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Psychedelic N,N-Dimethyltryptamine and 5-Methoxy-N,N-Dimethyltryptamine Modulate Innate and Adaptive Inflammatory Responses through the Sigma-1 Receptor of Human Monocyte-Derived Dendritic Cells

  • Attila Szabo ,

    szattila@med.unideb.hu

    Affiliations: Department of Immunology, Faculty of Medicine, University of Debrecen, Debrecen, Hungary, Research Centre for Molecular Medicine, University of Debrecen, Debrecen, Hungary

  • Attila Kovacs,

    Affiliation: Department of Psychiatry, Faculty of Medicine, University of Debrecen, Debrecen, Hungary

  • Ede Frecska ,

    Contributed equally to this work with: Ede Frecska, Eva Rajnavolgyi

    Affiliation: Department of Psychiatry, Faculty of Medicine, University of Debrecen, Debrecen, Hungary

  • Eva Rajnavolgyi

    Contributed equally to this work with: Ede Frecska, Eva Rajnavolgyi

    Affiliations: Department of Immunology, Faculty of Medicine, University of Debrecen, Debrecen, Hungary, Research Centre for Molecular Medicine, University of Debrecen, Debrecen, Hungary

Psychedelic N,N-Dimethyltryptamine and 5-Methoxy-N,N-Dimethyltryptamine Modulate Innate and Adaptive Inflammatory Responses through the Sigma-1 Receptor of Human Monocyte-Derived Dendritic Cells

  • Attila Szabo, 
  • Attila Kovacs, 
  • Ede Frecska, 
  • Eva Rajnavolgyi
PLOS
x
  • Published: August 29, 2014
  • DOI: 10.1371/journal.pone.0106533

Abstract

The orphan receptor sigma-1 (sigmar-1) is a transmembrane chaperone protein expressed in both the central nervous system and in immune cells. It has been shown to regulate neuronal differentiation and cell survival, and mediates anti-inflammatory responses and immunosuppression in murine in vivo models. Since the details of these findings have not been elucidated so far, we studied the effects of the endogenous sigmar-1 ligands N,N-dimethyltryptamine (NN-DMT), its derivative 5-methoxy-N,N-dimethyltryptamine (5-MeO-DMT) and the synthetic high affinity sigmar-1 agonist PRE-084 hydrochloride on human primary monocyte-derived dendritic cell (moDCs) activation provoked by LPS, polyI:C or pathogen-derived stimuli to induce inflammatory responses. Co-treatment of moDC with these activators and sigma-1 receptor ligands inhibited the production of pro-inflammatory cytokines IL-1β, IL-6, TNFα and the chemokine IL-8, while increased the secretion of the anti-inflammatory cytokine IL-10. The T-cell activating capacity of moDCs was also inhibited, and dimethyltryptamines used in combination with E. coli or influenza virus as stimulators decreased the differentiation of moDC-induced Th1 and Th17 inflammatory effector T-cells in a sigmar-1 specific manner as confirmed by gene silencing. Here we demonstrate for the first time the immunomodulatory potential of NN-DMT and 5-MeO-DMT on human moDC functions via sigmar-1 that could be harnessed for the pharmacological treatment of autoimmune diseases and chronic inflammatory conditions of the CNS or peripheral tissues. Our findings also point out a new biological role for dimethyltryptamines, which may act as systemic endogenous regulators of inflammation and immune homeostasis through the sigma-1 receptor.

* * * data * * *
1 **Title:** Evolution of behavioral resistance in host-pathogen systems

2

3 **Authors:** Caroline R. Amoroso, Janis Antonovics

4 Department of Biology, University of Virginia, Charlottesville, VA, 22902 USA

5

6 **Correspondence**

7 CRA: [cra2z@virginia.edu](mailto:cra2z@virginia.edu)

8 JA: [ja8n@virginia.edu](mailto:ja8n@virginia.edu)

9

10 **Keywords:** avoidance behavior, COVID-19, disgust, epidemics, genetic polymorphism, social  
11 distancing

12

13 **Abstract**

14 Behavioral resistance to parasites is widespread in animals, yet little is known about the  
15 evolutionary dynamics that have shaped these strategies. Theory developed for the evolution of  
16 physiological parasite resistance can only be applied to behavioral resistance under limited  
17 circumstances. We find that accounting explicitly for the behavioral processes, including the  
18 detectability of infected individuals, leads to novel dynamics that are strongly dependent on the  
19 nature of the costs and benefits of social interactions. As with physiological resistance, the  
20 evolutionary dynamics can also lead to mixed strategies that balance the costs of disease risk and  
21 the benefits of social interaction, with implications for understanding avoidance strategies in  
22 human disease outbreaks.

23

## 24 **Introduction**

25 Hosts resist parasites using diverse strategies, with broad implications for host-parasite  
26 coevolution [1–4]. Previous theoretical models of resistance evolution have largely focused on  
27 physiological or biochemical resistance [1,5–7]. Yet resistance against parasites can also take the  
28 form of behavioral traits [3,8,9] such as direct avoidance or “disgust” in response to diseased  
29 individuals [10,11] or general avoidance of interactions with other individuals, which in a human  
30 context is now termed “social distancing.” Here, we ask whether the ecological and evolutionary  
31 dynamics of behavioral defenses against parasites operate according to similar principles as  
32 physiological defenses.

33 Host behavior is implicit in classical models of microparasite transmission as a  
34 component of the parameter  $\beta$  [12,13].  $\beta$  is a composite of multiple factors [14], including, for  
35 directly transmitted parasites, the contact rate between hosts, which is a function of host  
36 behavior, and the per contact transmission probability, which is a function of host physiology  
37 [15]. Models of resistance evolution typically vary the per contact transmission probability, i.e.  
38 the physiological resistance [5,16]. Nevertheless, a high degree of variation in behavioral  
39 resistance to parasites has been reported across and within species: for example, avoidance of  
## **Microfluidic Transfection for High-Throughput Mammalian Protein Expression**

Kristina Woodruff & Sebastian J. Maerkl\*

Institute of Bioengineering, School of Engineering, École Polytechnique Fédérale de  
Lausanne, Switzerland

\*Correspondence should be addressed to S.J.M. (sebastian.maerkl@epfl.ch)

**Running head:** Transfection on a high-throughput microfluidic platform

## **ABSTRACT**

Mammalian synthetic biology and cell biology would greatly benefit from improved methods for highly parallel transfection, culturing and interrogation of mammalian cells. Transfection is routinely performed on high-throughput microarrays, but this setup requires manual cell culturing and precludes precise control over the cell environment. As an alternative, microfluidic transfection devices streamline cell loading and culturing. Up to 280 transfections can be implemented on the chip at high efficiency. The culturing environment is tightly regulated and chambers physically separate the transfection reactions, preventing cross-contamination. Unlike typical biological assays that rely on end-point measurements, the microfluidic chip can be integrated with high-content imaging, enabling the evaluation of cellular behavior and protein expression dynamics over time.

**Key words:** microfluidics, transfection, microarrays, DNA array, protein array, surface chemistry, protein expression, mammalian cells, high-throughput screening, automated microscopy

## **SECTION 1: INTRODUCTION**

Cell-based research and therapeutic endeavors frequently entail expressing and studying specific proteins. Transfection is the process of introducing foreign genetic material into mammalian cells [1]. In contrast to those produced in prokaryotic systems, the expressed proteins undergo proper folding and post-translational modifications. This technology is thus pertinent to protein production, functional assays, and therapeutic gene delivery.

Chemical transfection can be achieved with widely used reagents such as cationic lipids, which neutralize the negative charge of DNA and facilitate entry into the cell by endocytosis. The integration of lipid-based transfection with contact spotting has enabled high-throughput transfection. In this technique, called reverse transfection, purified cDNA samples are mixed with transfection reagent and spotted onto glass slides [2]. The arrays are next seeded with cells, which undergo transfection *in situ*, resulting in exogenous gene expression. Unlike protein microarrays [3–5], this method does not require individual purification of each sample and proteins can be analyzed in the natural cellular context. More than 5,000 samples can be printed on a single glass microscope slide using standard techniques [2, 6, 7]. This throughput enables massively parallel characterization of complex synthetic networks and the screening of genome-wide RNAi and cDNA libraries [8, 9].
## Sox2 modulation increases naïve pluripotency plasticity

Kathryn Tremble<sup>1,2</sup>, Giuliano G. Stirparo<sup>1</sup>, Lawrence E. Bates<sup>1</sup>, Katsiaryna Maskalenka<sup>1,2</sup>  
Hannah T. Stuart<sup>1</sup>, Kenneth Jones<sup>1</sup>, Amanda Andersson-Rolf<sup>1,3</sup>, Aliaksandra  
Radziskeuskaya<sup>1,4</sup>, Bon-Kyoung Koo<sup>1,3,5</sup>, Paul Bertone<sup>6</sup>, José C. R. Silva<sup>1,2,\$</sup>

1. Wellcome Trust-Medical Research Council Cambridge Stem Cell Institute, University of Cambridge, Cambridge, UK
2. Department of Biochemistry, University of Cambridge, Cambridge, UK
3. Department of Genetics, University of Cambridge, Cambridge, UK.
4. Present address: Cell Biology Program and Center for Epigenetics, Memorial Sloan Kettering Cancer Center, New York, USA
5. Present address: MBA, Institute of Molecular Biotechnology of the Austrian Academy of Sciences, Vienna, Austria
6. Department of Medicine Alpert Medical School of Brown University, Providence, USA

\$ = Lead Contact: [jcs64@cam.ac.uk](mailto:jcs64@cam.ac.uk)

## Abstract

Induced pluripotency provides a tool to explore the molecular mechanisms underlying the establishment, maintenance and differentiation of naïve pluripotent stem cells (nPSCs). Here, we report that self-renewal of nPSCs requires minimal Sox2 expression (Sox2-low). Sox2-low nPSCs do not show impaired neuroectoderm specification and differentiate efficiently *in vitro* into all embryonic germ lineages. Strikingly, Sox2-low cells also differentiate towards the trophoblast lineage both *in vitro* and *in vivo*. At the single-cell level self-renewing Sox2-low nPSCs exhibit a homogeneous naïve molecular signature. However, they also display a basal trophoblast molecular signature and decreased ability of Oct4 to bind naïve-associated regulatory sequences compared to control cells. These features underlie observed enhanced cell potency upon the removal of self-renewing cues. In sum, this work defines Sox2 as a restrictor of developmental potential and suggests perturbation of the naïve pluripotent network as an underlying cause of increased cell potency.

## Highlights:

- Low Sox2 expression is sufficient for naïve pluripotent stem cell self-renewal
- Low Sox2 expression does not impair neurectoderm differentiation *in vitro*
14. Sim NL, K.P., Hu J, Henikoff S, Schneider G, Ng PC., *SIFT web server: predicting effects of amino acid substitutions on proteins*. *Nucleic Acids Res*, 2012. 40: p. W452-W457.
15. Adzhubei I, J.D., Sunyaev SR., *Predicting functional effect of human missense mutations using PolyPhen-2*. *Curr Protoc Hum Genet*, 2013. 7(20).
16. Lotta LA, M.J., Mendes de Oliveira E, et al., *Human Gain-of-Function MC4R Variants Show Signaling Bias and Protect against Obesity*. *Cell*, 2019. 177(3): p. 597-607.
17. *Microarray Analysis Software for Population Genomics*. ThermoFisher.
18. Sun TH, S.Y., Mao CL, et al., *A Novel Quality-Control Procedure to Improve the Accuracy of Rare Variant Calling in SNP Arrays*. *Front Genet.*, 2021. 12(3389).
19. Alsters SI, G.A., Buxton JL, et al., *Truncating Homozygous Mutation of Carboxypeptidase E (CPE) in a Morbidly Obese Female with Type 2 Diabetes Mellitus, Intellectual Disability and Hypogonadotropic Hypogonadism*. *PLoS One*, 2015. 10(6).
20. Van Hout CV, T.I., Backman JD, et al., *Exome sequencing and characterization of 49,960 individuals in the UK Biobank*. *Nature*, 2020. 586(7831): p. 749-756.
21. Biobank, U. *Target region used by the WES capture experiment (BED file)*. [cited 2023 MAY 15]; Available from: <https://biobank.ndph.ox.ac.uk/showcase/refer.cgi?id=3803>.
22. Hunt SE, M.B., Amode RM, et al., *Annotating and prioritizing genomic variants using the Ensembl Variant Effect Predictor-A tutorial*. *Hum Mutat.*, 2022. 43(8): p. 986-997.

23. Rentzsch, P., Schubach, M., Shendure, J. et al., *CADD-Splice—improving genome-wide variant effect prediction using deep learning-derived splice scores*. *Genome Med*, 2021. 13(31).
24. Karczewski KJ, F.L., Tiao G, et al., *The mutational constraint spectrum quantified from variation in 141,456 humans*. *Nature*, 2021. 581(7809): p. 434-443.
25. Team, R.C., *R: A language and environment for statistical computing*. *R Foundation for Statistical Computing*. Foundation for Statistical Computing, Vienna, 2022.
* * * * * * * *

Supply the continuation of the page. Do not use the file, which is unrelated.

Introduction

The term sigma receptor dates back historically to the sigma/opioid receptor described by Martin et al. [1] and reported to mediate the psychotropic effects of N-allylnormetazocine (NANM). It was originally thought to be an opioid receptor due to its modulation by NANM that could be antagonized by naloxone, a universal opioid antagonist [2]. Later, Su and colleagues clarified the pharmacological features of the ligand-binding site and the name was changed to ‘sigma receptor’ differentiating it from the sigma/opioid receptor [3], [4]. According to its tissue expression profile and ligand selectivity the receptor was subsequently classified to the sigma-1 and sigma-2 receptor subtypes (sigmar-1/2) [5]. In the last two decades several clinical studies demonstrated the importance of sigmar-1 in many diseases ranging from cancer, pain and addiction to different psychiatric and neurological disorders among them Major depression, Alzheimer’s disease, schizophrenia, and stroke [2].

Early studies showed that sigmar-1 is expressed not only in distinct regions of the CNS but also in immune cells [4], [6]. It was shown to regulate cell differentiation and survival by acting as a chaperone at the mitochondria-associated endoplasmic reticulum membrane [7], [8]. Murine studies also demonstrated that the specific activation of sigmar-1 resulted in immunosuppression [9], and in vivo decreased lymphocyte activation and proliferation [10]. Sigma-1 receptor ligands possess potent immunoregulatory properties via increasing the secretion level of anti-inflammatory IL-10 [11], and suppressing IFNγ and GM-CSF expression [10]. These important studies showed that sigmar-1 may cause significant alterations in immune functions.